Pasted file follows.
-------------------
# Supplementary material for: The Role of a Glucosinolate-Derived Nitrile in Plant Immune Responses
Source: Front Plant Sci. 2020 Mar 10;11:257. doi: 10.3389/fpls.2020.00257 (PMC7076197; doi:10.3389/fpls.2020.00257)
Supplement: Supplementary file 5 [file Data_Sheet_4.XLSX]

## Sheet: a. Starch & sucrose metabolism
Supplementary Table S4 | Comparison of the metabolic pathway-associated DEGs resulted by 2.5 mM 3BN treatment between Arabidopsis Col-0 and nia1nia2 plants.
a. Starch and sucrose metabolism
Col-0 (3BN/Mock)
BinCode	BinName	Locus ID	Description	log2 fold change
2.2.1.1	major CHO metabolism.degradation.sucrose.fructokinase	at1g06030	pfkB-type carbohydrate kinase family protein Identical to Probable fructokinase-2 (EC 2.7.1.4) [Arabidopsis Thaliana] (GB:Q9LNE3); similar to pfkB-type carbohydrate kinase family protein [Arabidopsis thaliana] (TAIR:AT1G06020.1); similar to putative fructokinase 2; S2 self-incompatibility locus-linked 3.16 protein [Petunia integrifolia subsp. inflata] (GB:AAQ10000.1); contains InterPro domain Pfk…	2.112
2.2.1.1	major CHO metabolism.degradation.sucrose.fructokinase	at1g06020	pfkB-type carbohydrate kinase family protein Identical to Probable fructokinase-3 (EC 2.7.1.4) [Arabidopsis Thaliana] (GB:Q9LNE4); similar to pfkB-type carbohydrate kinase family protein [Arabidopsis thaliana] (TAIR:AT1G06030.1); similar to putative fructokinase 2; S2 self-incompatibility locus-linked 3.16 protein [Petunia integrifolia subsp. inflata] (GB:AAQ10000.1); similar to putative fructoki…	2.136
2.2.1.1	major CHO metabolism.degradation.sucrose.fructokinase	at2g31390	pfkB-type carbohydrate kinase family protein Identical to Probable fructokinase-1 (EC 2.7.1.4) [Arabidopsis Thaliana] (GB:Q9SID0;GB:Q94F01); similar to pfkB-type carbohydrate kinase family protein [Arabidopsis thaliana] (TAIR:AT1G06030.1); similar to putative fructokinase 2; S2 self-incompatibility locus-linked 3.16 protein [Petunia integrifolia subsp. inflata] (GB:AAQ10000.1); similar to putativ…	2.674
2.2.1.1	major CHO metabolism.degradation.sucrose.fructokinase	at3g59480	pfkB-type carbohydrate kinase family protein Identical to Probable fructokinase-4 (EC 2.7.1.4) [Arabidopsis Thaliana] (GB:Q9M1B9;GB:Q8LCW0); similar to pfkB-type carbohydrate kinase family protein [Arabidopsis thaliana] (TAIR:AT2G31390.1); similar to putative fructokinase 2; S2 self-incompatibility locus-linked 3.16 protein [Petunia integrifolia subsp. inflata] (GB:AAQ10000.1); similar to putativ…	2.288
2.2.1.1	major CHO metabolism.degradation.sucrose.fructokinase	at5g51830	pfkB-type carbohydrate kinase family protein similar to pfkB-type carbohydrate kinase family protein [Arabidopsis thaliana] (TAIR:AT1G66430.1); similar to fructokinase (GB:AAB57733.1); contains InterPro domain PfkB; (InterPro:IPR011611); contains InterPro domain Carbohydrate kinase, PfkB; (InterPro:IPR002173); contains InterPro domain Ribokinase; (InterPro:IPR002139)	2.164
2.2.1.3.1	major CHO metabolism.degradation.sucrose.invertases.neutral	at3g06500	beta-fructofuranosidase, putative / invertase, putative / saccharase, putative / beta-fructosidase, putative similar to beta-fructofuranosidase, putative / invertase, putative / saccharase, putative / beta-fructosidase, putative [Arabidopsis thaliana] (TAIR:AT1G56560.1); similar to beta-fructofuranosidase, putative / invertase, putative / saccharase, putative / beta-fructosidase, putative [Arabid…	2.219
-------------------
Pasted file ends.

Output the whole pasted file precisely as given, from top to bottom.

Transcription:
# Supplementary material for: The Role of a Glucosinolate-Derived Nitrile in Plant Immune Responses
Source: Front Plant Sci. 2020 Mar 10;11:257. doi: 10.3389/fpls.2020.00257 (PMC7076197; doi:10.3389/fpls.2020.00257)
Supplement: Supplementary file 5 [file Data_Sheet_4.XLSX]

## Sheet: a. Starch & sucrose metabolism
Supplementary Table S4 | Comparison of the metabolic pathway-associated DEGs resulted by 2.5 mM 3BN treatment between Arabidopsis Col-0 and nia1nia2 plants.
a. Starch and sucrose metabolism
Col-0 (3BN/Mock)
BinCode	BinName	Locus ID	Description	log2 fold change
2.2.1.1	major CHO metabolism.degradation.sucrose.fructokinase	at1g06030	pfkB-type carbohydrate kinase family protein Identical to Probable fructokinase-2 (EC 2.7.1.4) [Arabidopsis Thaliana] (GB:Q9LNE3); similar to pfkB-type carbohydrate kinase family protein [Arabidopsis thaliana] (TAIR:AT1G06020.1); similar to putative fructokinase 2; S2 self-incompatibility locus-linked 3.16 protein [Petunia integrifolia subsp. inflata] (GB:AAQ10000.1); contains InterPro domain Pfk…	2.112
2.2.1.1	major CHO metabolism.degradation.sucrose.fructokinase	at1g06020	pfkB-type carbohydrate kinase family protein Identical to Probable fructokinase-3 (EC 2.7.1.4) [Arabidopsis Thaliana] (GB:Q9LNE4); similar to pfkB-type carbohydrate kinase family protein [Arabidopsis thaliana] (TAIR:AT1G06030.1); similar to putative fructokinase 2; S2 self-incompatibility locus-linked 3.16 protein [Petunia integrifolia subsp. inflata] (GB:AAQ10000.1); similar to putative fructoki…	2.136
2.2.1.1	major CHO metabolism.degradation.sucrose.fructokinase	at2g31390	pfkB-type carbohydrate kinase family protein Identical to Probable fructokinase-1 (EC 2.7.1.4) [Arabidopsis Thaliana] (GB:Q9SID0;GB:Q94F01); similar to pfkB-type carbohydrate kinase family protein [Arabidopsis thaliana] (TAIR:AT1G06030.1); similar to putative fructokinase 2; S2 self-incompatibility locus-linked 3.16 protein [Petunia integrifolia subsp. inflata] (GB:AAQ10000.1); similar to putativ…	2.674
2.2.1.1	major CHO metabolism.degradation.sucrose.fructokinase	at3g59480	pfkB-type carbohydrate kinase family protein Identical to Probable fructokinase-4 (EC 2.7.1.4) [Arabidopsis Thaliana] (GB:Q9M1B9;GB:Q8LCW0); similar to pfkB-type carbohydrate kinase family protein [Arabidopsis thaliana] (TAIR:AT2G31390.1); similar to putative fructokinase 2; S2 self-incompatibility locus-linked 3.16 protein [Petunia integrifolia subsp. inflata] (GB:AAQ10000.1); similar to putativ…	2.288
2.2.1.1	major CHO metabolism.degradation.sucrose.fructokinase	at5g51830	pfkB-type carbohydrate kinase family protein similar to pfkB-type carbohydrate kinase family protein [Arabidopsis thaliana] (TAIR:AT1G66430.1); similar to fructokinase (GB:AAB57733.1); contains InterPro domain PfkB; (InterPro:IPR011611); contains InterPro domain Carbohydrate kinase, PfkB; (InterPro:IPR002173); contains InterPro domain Ribokinase; (InterPro:IPR002139)	2.164
2.2.1.3.1	major CHO metabolism.degradation.sucrose.invertases.neutral	at3g06500	beta-fructofuranosidase, putative / invertase, putative / saccharase, putative / beta-fructosidase, putative similar to beta-fructofuranosidase, putative / invertase, putative / saccharase, putative / beta-fructosidase, putative [Arabidopsis thaliana] (TAIR:AT1G56560.1); similar to beta-fructofuranosidase, putative / invertase, putative / saccharase, putative / beta-fructosidase, putative [Arabid…	2.219